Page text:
EDIT Think of it this way, all data is encrypted, but the network will have pointers to data, the pointers are not encrypted, they are pointers. the thing they point to is data and that data is by default encrypted. All we are saying here @happybeing is that if we consider any bytes on the network as data, we do not encrypt it all, if we consider files as data, well then we do encrypt it all by default. So 100% of files encrypted maybe is maybe a better statement. Anyway, let us know what you think.


Of course :wink:

I’m a reasonably technical chap and have stored files in MD but am still unclear and confused by this. I can trust that it’s sensible, but don’t yet properly understand the implications of certain metadata not being encrypted. I think it is potentially in conflict with the ‘everything is encrypted by default’ statement, for anyone who doesn’t fully understand what is not encrypted by default!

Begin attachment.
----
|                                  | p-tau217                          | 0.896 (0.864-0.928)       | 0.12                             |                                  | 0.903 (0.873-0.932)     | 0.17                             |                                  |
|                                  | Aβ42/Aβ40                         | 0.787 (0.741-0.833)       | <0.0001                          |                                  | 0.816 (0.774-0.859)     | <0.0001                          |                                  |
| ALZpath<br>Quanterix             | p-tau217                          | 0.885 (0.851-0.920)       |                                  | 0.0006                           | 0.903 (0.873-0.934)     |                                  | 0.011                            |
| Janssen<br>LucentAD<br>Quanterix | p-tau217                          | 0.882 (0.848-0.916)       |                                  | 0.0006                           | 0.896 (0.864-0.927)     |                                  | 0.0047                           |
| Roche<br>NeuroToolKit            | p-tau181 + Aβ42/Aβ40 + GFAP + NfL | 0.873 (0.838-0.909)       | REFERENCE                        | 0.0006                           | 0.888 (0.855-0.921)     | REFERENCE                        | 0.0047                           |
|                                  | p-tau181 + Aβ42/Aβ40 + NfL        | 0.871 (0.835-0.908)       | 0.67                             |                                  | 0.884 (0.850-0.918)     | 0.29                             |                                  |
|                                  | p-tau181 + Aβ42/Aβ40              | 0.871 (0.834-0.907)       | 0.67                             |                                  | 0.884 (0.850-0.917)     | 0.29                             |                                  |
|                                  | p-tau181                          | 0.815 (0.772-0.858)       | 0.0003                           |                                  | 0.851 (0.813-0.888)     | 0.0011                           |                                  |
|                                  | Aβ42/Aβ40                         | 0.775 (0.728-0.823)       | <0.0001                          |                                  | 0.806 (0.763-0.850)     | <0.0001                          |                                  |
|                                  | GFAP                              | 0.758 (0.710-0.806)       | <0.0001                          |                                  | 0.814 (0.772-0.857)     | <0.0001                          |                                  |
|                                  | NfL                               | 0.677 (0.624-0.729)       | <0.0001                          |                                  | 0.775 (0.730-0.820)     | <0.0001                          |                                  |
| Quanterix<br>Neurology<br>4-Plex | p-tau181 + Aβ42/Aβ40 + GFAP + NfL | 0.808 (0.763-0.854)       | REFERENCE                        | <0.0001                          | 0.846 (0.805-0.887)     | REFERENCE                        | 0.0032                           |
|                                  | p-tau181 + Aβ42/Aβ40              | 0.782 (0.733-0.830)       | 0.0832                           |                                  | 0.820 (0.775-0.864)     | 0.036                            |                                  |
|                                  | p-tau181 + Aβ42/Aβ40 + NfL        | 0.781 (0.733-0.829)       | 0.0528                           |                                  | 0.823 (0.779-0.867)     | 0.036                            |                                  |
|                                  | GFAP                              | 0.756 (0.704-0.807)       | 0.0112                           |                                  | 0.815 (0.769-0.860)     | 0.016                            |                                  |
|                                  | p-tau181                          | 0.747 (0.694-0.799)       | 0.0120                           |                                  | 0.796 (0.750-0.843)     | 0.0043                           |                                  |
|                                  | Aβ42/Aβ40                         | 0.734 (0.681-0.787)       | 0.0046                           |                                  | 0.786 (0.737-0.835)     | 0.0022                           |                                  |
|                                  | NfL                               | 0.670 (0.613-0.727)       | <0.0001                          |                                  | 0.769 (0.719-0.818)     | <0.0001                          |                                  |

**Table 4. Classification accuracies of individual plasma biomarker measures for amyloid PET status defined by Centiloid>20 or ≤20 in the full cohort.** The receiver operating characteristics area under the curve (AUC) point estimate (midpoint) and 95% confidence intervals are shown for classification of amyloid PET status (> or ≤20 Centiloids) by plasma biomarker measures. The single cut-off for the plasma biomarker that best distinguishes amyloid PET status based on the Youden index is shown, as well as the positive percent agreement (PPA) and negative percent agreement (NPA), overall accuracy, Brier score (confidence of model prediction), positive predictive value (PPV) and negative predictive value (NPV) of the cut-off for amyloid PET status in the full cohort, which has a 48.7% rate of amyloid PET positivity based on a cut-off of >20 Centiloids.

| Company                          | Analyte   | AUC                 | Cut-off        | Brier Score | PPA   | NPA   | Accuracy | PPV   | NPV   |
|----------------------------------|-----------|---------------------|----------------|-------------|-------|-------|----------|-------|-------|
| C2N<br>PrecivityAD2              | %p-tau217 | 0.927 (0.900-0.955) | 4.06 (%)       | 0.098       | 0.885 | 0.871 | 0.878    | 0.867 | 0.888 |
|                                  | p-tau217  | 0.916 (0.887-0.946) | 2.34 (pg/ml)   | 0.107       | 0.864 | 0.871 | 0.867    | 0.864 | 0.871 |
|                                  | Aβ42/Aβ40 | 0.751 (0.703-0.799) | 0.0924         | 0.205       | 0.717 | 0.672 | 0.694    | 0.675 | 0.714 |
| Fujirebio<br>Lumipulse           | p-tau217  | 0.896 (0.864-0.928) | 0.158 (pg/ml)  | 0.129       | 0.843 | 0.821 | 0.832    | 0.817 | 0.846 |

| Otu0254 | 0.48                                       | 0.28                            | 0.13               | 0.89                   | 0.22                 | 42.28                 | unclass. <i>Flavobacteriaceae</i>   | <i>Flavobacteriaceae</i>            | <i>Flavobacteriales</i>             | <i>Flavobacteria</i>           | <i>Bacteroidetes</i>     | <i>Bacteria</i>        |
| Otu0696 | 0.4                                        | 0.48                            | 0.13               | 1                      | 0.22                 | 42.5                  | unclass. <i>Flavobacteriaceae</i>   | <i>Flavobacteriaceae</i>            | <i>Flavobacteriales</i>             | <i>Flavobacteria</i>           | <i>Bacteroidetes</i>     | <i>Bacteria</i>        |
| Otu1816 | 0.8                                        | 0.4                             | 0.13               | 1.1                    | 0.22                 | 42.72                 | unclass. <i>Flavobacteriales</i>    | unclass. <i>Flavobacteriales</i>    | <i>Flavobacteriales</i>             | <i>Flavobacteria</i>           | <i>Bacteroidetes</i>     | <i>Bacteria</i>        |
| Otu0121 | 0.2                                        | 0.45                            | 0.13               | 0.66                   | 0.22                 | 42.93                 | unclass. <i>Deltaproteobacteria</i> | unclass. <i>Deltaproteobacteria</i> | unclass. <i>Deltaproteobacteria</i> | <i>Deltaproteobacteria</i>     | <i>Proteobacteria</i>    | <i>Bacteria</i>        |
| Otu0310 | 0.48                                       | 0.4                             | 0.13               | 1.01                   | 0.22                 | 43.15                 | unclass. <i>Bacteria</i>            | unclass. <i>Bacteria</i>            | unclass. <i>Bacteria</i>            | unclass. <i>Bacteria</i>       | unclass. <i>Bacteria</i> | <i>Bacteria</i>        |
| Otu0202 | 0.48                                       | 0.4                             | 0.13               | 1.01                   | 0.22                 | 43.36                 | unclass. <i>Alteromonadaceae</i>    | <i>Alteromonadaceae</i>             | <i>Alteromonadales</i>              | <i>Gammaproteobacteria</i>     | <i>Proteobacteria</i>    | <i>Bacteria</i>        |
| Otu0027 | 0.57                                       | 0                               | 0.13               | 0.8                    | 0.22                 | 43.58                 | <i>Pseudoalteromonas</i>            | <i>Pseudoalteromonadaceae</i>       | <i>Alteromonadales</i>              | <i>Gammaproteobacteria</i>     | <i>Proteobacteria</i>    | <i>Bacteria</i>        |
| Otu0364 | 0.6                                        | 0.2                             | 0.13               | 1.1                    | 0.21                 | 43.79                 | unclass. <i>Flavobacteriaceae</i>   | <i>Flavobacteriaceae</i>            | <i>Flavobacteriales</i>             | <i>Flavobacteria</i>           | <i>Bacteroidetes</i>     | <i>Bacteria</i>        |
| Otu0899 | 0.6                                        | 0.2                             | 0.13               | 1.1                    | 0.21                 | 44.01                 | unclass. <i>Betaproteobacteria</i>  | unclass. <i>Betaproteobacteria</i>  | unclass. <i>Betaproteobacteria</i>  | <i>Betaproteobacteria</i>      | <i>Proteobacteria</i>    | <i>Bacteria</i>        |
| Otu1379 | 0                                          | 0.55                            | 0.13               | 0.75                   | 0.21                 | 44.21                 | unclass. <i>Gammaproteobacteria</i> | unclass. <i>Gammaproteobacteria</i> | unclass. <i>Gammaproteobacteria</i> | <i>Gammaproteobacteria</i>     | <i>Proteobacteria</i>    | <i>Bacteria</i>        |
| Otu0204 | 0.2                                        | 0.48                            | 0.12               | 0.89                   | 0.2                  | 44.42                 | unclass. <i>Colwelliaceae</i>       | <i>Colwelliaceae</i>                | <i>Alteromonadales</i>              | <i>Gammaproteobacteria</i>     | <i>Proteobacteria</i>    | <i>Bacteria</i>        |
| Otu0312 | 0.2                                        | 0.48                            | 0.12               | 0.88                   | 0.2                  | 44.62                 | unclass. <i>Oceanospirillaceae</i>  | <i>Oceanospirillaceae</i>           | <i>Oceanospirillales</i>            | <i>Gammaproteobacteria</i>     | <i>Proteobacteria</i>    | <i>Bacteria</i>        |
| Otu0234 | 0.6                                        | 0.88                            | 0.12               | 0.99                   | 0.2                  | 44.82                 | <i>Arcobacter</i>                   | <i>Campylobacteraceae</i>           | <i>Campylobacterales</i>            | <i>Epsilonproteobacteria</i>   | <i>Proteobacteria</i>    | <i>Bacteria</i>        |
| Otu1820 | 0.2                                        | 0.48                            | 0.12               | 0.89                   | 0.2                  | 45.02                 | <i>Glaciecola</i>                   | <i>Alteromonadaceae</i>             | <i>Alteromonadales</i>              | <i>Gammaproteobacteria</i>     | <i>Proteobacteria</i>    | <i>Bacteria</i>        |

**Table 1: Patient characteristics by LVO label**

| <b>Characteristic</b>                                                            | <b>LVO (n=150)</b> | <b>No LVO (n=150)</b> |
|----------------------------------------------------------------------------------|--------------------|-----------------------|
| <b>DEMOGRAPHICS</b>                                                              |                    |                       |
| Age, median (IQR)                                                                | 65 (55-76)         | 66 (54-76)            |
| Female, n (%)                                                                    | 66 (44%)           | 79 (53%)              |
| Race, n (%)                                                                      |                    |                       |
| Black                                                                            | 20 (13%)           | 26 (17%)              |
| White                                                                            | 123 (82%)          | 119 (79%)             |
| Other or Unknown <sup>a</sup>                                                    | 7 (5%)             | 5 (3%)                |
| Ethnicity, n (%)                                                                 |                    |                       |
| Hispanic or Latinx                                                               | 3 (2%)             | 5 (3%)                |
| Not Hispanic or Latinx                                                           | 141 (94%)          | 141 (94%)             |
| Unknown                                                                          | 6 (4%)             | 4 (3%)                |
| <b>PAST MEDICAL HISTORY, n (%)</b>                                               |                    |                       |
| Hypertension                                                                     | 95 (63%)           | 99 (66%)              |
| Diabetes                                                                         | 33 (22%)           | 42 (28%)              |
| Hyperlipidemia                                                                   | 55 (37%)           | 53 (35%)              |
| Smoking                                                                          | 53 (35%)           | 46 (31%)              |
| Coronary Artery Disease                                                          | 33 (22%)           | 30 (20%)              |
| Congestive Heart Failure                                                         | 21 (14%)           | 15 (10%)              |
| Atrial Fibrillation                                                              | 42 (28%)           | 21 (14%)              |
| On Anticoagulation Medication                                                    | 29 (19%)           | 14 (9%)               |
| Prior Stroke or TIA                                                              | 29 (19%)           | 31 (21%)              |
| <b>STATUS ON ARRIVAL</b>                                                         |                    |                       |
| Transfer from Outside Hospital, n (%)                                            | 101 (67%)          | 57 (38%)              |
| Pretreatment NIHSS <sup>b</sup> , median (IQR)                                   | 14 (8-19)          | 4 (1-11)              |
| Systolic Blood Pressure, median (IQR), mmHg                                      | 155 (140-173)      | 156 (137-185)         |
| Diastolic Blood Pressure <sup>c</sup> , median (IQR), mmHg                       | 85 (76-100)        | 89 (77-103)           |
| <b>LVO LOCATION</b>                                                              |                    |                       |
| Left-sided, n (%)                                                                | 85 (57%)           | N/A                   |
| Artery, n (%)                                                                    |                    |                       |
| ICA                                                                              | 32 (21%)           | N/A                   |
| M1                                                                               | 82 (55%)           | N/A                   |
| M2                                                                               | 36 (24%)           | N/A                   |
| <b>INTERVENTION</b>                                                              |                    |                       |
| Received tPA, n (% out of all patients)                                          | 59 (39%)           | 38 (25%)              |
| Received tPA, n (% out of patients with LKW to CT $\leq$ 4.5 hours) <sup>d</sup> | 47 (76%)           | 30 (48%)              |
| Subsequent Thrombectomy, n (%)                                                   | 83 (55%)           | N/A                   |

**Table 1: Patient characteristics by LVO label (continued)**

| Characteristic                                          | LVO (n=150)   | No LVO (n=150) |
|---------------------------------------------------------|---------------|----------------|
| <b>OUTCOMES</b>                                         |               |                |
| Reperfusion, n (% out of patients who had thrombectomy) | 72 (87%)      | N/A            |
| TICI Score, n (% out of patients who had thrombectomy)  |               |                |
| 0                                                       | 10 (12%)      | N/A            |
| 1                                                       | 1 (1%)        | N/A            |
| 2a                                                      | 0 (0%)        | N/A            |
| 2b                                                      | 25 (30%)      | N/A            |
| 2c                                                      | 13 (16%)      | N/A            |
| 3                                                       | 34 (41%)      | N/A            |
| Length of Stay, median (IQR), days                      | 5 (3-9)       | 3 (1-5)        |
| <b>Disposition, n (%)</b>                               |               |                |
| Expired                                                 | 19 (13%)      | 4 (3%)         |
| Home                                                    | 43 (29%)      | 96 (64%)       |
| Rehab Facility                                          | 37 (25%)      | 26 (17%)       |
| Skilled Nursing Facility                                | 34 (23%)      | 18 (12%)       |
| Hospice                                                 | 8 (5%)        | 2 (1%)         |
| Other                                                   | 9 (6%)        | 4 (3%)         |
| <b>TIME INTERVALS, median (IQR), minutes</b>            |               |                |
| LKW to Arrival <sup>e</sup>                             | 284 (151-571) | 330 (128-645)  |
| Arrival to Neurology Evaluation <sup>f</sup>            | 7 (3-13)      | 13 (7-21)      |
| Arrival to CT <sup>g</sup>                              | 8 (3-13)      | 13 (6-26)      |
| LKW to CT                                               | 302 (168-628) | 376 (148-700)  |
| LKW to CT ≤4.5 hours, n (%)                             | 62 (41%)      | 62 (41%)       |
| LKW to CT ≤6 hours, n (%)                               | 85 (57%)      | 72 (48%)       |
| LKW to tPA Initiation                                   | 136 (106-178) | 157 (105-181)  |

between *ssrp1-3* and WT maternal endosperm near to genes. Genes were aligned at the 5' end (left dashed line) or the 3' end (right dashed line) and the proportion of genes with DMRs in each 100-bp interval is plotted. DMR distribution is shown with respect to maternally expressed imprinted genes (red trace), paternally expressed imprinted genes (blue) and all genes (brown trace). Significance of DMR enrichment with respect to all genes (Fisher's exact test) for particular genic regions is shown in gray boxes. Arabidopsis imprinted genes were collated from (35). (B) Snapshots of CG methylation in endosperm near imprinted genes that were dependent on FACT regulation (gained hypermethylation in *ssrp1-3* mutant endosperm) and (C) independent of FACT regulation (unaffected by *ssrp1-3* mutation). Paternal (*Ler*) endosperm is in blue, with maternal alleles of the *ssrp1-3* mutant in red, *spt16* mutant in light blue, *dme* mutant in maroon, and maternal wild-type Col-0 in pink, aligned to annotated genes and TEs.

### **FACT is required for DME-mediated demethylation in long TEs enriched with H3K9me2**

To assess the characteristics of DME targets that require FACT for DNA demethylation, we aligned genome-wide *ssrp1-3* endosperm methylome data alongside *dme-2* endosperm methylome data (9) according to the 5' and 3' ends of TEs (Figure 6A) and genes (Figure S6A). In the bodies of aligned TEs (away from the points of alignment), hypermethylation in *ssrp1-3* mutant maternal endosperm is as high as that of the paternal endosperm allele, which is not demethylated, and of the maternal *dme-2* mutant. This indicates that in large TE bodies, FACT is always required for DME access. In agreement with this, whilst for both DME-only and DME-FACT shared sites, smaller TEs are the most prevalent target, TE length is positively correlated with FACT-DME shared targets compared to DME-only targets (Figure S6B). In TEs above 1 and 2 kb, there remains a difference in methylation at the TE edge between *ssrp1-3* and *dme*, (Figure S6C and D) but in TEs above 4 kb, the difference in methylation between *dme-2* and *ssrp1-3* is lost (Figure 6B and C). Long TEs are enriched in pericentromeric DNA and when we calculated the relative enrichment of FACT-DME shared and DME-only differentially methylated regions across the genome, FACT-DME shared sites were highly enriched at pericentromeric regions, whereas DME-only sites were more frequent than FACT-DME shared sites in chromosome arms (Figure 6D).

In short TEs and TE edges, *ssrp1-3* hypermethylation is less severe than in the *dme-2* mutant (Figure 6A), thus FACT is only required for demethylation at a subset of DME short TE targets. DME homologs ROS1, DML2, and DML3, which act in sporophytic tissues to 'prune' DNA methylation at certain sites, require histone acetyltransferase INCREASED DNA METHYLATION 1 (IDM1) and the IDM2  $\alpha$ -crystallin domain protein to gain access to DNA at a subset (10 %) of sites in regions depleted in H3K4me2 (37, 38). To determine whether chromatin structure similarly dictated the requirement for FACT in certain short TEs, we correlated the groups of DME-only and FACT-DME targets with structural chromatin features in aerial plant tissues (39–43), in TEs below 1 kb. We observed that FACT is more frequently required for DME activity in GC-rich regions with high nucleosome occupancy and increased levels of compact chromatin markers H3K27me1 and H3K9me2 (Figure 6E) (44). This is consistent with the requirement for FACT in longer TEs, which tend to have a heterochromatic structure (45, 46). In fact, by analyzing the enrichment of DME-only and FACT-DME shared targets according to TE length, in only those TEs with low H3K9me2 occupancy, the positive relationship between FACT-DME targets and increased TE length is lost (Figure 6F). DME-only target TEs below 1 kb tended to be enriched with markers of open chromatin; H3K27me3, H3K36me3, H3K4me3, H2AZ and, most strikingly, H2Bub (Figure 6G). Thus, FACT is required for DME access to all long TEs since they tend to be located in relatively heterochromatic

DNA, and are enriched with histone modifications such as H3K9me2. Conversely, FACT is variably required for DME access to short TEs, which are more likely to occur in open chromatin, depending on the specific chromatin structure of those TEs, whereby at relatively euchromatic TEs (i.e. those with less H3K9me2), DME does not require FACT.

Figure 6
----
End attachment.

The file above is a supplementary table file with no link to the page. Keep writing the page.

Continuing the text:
Again, I think we need to be clear about this. I think you’ve explained the basis, but it isn’t clear without then digging into the technical details.

Let me say what I think/hope this means without actually digging in:

  • the datamap is not encrypted means that for any immutable data, there is a map of pointers to chunks, which are the self encrypted data of the file. Or, in the case of small files (<3Kb?) the datamap itself will contain the encrypted data of the file. No other metadata is included in the datamap (so no filenames, dates etc).

I’m not sure the last sentence is true, so please correct if not.